Produced by Minor7Flat5 founder Andreas “Brotherman” Christophersen, Ras Myrhdak’s first album brings across the hybrid qualities of the label’s usual fare without sounding exactly like it. “Global Warning”, by far the best track on the disc, showcases both Brotherman’s preference for innovative reggae/dancehall and Myrhdak’s ability to achieve an impressive vocal range. As testament to its carefully crafted melodies, the album as a whole proves memorable, almost to the point where one cannot help but think they have heard these tunes before. Despite its Rastafarian subject matter, for example, “Swept Away” resembles—lyrically and musically—many of the R&B songs that circulate heavily in the United States. That is, Myrhdak makes good on the numerous musical traditions that have influenced him to cover a number of issues on this first album, making it relevant to black communities in Jamaica and the United States. Moreover, he singjays with his listeners as much as he does against the negative forces of gun violence, even if he doesn’t appear to avoid the kind of self-endorsement launched by reggae artists such as Rankin’ Scroo. This Prince of Fyah is just innovative enough to let us know that reggae is far from having exhausted itself as a genre. Myrhdak himself characterizes his music as a “breath of fresh air in Dancehall”. The singjay’s claim is hardly an exaggeration given that his first single, “Blazer”, dominated charts in Jamaica for several weeks. Of course, Myrhdak hails from the parish of St. Ann in Jamaica, where Bob Marley and Burning Spear also got started. As evidenced by his debut, he has clearly not forgotten this coincidence. His songs grope forcefully backwards to capture the versatile roots to which he is indebted. Whether or not he will achieve the level of popularity in North America that he enjoys in his country of origin remains doubtful. He is, for the time being, Jamaica’s newest “Warriah”.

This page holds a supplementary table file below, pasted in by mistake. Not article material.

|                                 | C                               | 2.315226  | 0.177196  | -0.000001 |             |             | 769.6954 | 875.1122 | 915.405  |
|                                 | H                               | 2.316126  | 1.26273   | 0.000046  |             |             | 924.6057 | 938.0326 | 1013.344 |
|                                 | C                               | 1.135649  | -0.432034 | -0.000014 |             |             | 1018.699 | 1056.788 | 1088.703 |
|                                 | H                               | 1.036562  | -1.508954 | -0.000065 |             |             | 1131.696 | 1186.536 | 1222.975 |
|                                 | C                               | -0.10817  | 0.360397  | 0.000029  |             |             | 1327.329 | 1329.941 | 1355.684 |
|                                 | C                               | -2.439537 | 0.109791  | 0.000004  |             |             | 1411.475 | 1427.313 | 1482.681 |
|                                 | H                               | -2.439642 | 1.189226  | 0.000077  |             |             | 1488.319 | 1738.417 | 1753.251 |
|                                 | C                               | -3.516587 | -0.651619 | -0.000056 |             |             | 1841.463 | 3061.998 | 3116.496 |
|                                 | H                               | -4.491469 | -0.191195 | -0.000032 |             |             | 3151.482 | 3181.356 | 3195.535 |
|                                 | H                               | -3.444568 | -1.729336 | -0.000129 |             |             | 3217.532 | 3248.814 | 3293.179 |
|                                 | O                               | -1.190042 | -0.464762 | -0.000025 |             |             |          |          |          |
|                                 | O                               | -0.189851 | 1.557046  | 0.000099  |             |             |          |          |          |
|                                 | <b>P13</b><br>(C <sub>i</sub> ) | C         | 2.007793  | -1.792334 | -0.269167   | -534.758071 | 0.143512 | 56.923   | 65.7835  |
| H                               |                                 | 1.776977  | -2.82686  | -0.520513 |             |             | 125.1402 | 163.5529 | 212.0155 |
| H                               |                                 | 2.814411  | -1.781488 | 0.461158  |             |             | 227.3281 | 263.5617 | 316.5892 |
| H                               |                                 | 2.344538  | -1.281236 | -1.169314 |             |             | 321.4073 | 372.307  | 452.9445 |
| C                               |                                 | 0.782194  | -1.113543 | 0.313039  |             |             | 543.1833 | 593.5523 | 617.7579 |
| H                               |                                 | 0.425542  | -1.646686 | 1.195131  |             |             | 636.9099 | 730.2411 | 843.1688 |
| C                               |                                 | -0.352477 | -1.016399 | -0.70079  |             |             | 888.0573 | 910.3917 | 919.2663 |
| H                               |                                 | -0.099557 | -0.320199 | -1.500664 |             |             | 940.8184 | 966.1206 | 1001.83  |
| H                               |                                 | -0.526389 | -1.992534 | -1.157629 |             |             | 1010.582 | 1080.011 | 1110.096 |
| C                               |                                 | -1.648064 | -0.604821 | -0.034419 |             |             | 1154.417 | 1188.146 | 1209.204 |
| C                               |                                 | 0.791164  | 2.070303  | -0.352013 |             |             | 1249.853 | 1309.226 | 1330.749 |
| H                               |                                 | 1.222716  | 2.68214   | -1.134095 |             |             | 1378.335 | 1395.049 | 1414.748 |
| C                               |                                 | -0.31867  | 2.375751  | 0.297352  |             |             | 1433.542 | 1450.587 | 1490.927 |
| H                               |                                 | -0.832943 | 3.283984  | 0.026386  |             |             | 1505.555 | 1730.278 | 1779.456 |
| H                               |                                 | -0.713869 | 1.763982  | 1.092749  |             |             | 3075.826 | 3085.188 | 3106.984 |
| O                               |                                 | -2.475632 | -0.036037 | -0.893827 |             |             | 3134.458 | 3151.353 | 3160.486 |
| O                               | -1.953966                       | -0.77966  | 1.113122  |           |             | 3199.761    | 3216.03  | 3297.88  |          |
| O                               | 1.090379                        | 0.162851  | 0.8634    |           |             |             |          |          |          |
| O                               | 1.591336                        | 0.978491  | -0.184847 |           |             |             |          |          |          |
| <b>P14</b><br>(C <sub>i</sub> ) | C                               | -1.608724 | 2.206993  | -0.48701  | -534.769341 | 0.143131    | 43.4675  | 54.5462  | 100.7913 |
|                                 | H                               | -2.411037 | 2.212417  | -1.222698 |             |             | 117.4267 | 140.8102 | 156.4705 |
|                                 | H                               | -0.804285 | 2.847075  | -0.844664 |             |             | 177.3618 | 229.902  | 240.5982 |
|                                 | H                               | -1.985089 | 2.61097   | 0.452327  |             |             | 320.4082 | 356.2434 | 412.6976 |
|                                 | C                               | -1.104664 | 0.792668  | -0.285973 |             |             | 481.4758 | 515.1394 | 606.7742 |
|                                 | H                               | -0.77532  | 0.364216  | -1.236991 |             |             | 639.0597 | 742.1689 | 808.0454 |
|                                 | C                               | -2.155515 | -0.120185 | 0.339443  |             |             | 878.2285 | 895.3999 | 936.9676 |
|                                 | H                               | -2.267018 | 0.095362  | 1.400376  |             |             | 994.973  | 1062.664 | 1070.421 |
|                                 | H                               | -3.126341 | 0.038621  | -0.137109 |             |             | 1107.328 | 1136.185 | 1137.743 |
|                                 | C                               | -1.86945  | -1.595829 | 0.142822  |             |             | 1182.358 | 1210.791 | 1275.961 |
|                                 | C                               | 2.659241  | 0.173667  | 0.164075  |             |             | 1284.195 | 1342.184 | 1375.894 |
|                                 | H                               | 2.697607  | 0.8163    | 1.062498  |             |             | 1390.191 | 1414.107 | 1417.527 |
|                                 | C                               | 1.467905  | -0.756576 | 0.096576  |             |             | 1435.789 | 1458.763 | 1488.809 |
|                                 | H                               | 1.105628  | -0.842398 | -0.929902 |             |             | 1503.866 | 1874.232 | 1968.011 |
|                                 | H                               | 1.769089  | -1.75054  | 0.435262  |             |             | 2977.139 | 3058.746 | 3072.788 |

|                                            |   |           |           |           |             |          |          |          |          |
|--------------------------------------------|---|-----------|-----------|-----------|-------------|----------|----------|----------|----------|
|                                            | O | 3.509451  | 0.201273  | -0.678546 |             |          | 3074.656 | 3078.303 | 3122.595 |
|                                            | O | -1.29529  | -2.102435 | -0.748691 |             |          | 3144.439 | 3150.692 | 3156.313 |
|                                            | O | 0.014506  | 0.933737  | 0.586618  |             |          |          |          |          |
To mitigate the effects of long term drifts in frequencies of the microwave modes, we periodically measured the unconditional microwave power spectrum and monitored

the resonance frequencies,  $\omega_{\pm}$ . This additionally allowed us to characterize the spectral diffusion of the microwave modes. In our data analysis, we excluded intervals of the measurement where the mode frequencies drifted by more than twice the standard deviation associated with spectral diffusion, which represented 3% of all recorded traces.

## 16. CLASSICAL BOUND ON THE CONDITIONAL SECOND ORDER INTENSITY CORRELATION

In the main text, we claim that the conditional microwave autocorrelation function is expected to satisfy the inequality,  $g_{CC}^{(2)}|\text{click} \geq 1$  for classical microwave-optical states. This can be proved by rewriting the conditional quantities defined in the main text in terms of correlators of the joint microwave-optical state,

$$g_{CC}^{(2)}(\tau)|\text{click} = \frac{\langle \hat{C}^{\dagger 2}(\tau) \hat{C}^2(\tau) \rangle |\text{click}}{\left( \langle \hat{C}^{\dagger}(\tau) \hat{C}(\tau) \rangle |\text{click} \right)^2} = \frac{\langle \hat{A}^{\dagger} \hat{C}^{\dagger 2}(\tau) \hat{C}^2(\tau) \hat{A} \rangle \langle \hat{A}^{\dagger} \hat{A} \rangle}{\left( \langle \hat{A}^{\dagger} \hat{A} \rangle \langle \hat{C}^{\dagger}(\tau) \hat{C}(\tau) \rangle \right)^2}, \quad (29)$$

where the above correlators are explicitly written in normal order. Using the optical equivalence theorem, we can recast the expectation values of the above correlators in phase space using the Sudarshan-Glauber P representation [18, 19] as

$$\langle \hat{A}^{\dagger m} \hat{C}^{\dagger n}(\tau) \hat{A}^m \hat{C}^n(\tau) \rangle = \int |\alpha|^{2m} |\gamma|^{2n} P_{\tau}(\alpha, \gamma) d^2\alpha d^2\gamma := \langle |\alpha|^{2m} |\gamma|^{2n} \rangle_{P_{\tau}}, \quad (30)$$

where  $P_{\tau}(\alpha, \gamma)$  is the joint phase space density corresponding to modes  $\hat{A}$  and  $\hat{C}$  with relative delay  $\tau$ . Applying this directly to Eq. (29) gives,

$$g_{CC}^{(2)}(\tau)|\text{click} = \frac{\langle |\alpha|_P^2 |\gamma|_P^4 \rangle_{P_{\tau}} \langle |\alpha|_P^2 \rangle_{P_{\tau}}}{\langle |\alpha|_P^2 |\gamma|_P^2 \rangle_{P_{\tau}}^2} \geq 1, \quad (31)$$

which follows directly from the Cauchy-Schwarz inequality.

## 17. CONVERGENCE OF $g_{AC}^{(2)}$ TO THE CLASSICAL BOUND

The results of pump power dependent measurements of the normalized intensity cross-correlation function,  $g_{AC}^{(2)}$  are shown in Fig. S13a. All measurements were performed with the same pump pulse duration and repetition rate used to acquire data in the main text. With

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"The man whose songs were recorded by Johnny Cash, Alan Jackson, Ricky Skaggs, David Allan Coe, The Highwaymen, and countless others succumbs to time’s cruel cue that the only token of permanence we have to offer are the effects of shared moments and memories.READ the article